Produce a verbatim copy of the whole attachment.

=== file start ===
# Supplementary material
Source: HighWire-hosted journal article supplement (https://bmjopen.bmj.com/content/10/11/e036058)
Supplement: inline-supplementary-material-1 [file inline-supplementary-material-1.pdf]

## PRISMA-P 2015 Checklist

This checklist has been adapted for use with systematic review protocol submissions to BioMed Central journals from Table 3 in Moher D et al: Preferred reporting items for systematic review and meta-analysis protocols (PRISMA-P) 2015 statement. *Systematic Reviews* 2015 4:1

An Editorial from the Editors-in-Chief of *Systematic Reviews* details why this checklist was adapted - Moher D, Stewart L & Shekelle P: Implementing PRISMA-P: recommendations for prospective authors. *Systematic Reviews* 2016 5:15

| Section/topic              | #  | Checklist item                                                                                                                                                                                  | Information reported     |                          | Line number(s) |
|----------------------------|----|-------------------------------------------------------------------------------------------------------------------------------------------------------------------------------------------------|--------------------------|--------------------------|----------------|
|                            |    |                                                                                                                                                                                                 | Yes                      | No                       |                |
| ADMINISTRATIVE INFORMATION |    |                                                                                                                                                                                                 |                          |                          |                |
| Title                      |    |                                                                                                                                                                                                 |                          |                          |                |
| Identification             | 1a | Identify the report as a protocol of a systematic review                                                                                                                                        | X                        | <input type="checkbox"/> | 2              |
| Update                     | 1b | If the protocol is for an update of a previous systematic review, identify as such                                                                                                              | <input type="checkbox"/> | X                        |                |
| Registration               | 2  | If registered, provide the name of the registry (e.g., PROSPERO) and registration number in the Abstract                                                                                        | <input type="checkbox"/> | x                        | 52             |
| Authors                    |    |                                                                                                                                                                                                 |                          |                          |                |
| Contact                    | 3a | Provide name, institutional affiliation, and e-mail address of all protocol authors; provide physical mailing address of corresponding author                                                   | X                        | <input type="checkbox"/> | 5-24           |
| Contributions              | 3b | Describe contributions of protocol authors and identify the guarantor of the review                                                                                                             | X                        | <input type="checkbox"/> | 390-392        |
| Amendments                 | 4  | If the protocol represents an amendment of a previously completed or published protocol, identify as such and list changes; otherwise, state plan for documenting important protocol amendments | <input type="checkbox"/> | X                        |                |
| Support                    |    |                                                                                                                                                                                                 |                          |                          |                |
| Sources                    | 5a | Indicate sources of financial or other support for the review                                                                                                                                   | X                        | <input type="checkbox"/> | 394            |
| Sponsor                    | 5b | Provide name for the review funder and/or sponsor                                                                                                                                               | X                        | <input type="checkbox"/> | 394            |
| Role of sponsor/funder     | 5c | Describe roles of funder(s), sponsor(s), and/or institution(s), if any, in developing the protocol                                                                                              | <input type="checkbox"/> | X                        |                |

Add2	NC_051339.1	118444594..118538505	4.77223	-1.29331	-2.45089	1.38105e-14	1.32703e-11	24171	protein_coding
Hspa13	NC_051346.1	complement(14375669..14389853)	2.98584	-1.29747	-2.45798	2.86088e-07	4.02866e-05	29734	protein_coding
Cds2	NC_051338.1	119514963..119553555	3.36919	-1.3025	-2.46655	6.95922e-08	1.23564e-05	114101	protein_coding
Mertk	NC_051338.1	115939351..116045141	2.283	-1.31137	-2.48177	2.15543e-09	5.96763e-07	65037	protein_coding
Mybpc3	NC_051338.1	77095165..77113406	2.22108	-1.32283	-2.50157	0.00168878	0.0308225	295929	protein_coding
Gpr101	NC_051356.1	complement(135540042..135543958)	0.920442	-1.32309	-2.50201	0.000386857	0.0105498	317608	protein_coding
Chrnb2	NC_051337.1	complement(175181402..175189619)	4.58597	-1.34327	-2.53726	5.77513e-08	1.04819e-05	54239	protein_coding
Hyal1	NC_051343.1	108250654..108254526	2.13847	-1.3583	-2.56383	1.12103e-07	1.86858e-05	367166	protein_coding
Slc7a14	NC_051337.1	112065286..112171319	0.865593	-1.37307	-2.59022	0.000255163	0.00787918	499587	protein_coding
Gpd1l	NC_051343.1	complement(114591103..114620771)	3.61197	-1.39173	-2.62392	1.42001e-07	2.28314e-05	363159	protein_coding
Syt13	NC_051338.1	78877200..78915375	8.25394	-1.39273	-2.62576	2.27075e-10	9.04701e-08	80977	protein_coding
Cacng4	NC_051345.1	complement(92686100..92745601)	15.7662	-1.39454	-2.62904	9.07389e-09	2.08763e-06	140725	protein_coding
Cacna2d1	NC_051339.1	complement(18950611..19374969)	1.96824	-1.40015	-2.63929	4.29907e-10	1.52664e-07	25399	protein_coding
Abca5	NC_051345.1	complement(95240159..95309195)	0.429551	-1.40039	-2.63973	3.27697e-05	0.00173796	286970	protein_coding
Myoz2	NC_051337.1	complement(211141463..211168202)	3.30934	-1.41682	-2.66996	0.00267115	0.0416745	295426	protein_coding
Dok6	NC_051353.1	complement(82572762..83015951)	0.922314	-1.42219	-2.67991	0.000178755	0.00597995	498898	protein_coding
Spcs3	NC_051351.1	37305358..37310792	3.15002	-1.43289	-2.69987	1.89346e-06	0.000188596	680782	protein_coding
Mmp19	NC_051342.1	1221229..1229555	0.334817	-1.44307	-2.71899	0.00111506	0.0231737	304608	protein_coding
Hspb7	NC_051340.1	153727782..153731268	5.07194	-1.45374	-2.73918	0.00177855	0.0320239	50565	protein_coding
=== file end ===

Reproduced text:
# Supplementary material
Source: HighWire-hosted journal article supplement (https://bmjopen.bmj.com/content/10/11/e036058)
Supplement: inline-supplementary-material-1 [file inline-supplementary-material-1.pdf]

## PRISMA-P 2015 Checklist

This checklist has been adapted for use with systematic review protocol submissions to BioMed Central journals from Table 3 in Moher D et al: Preferred reporting items for systematic review and meta-analysis protocols (PRISMA-P) 2015 statement. *Systematic Reviews* 2015 4:1

An Editorial from the Editors-in-Chief of *Systematic Reviews* details why this checklist was adapted - Moher D, Stewart L & Shekelle P: Implementing PRISMA-P: recommendations for prospective authors. *Systematic Reviews* 2016 5:15

| Section/topic              | #  | Checklist item                                                                                                                                                                                  | Information reported     |                          | Line number(s) |
|----------------------------|----|-------------------------------------------------------------------------------------------------------------------------------------------------------------------------------------------------|--------------------------|--------------------------|----------------|
|                            |    |                                                                                                                                                                                                 | Yes                      | No                       |                |
| ADMINISTRATIVE INFORMATION |    |                                                                                                                                                                                                 |                          |                          |                |
| Title                      |    |                                                                                                                                                                                                 |                          |                          |                |
| Identification             | 1a | Identify the report as a protocol of a systematic review                                                                                                                                        | X                        | <input type="checkbox"/> | 2              |
| Update                     | 1b | If the protocol is for an update of a previous systematic review, identify as such                                                                                                              | <input type="checkbox"/> | X                        |                |
| Registration               | 2  | If registered, provide the name of the registry (e.g., PROSPERO) and registration number in the Abstract                                                                                        | <input type="checkbox"/> | x                        | 52             |
| Authors                    |    |                                                                                                                                                                                                 |                          |                          |                |
| Contact                    | 3a | Provide name, institutional affiliation, and e-mail address of all protocol authors; provide physical mailing address of corresponding author                                                   | X                        | <input type="checkbox"/> | 5-24           |
| Contributions              | 3b | Describe contributions of protocol authors and identify the guarantor of the review                                                                                                             | X                        | <input type="checkbox"/> | 390-392        |
| Amendments                 | 4  | If the protocol represents an amendment of a previously completed or published protocol, identify as such and list changes; otherwise, state plan for documenting important protocol amendments | <input type="checkbox"/> | X                        |                |
| Support                    |    |                                                                                                                                                                                                 |                          |                          |                |
| Sources                    | 5a | Indicate sources of financial or other support for the review                                                                                                                                   | X                        | <input type="checkbox"/> | 394            |
| Sponsor                    | 5b | Provide name for the review funder and/or sponsor                                                                                                                                               | X                        | <input type="checkbox"/> | 394            |
| Role of sponsor/funder     | 5c | Describe roles of funder(s), sponsor(s), and/or institution(s), if any, in developing the protocol                                                                                              | <input type="checkbox"/> | X                        |                |

Add2	NC_051339.1	118444594..118538505	4.77223	-1.29331	-2.45089	1.38105e-14	1.32703e-11	24171	protein_coding
Hspa13	NC_051346.1	complement(14375669..14389853)	2.98584	-1.29747	-2.45798	2.86088e-07	4.02866e-05	29734	protein_coding
Cds2	NC_051338.1	119514963..119553555	3.36919	-1.3025	-2.46655	6.95922e-08	1.23564e-05	114101	protein_coding
Mertk	NC_051338.1	115939351..116045141	2.283	-1.31137	-2.48177	2.15543e-09	5.96763e-07	65037	protein_coding
Mybpc3	NC_051338.1	77095165..77113406	2.22108	-1.32283	-2.50157	0.00168878	0.0308225	295929	protein_coding
Gpr101	NC_051356.1	complement(135540042..135543958)	0.920442	-1.32309	-2.50201	0.000386857	0.0105498	317608	protein_coding
Chrnb2	NC_051337.1	complement(175181402..175189619)	4.58597	-1.34327	-2.53726	5.77513e-08	1.04819e-05	54239	protein_coding
Hyal1	NC_051343.1	108250654..108254526	2.13847	-1.3583	-2.56383	1.12103e-07	1.86858e-05	367166	protein_coding
Slc7a14	NC_051337.1	112065286..112171319	0.865593	-1.37307	-2.59022	0.000255163	0.00787918	499587	protein_coding
Gpd1l	NC_051343.1	complement(114591103..114620771)	3.61197	-1.39173	-2.62392	1.42001e-07	2.28314e-05	363159	protein_coding
Syt13	NC_051338.1	78877200..78915375	8.25394	-1.39273	-2.62576	2.27075e-10	9.04701e-08	80977	protein_coding
Cacng4	NC_051345.1	complement(92686100..92745601)	15.7662	-1.39454	-2.62904	9.07389e-09	2.08763e-06	140725	protein_coding
Cacna2d1	NC_051339.1	complement(18950611..19374969)	1.96824	-1.40015	-2.63929	4.29907e-10	1.52664e-07	25399	protein_coding
Abca5	NC_051345.1	complement(95240159..95309195)	0.429551	-1.40039	-2.63973	3.27697e-05	0.00173796	286970	protein_coding
Myoz2	NC_051337.1	complement(211141463..211168202)	3.30934	-1.41682	-2.66996	0.00267115	0.0416745	295426	protein_coding
Dok6	NC_051353.1	complement(82572762..83015951)	0.922314	-1.42219	-2.67991	0.000178755	0.00597995	498898	protein_coding
Spcs3	NC_051351.1	37305358..37310792	3.15002	-1.43289	-2.69987	1.89346e-06	0.000188596	680782	protein_coding
Mmp19	NC_051342.1	1221229..1229555	0.334817	-1.44307	-2.71899	0.00111506	0.0231737	304608	protein_coding
Hspb7	NC_051340.1	153727782..153731268	5.07194	-1.45374	-2.73918	0.00177855	0.0320239	50565	protein_coding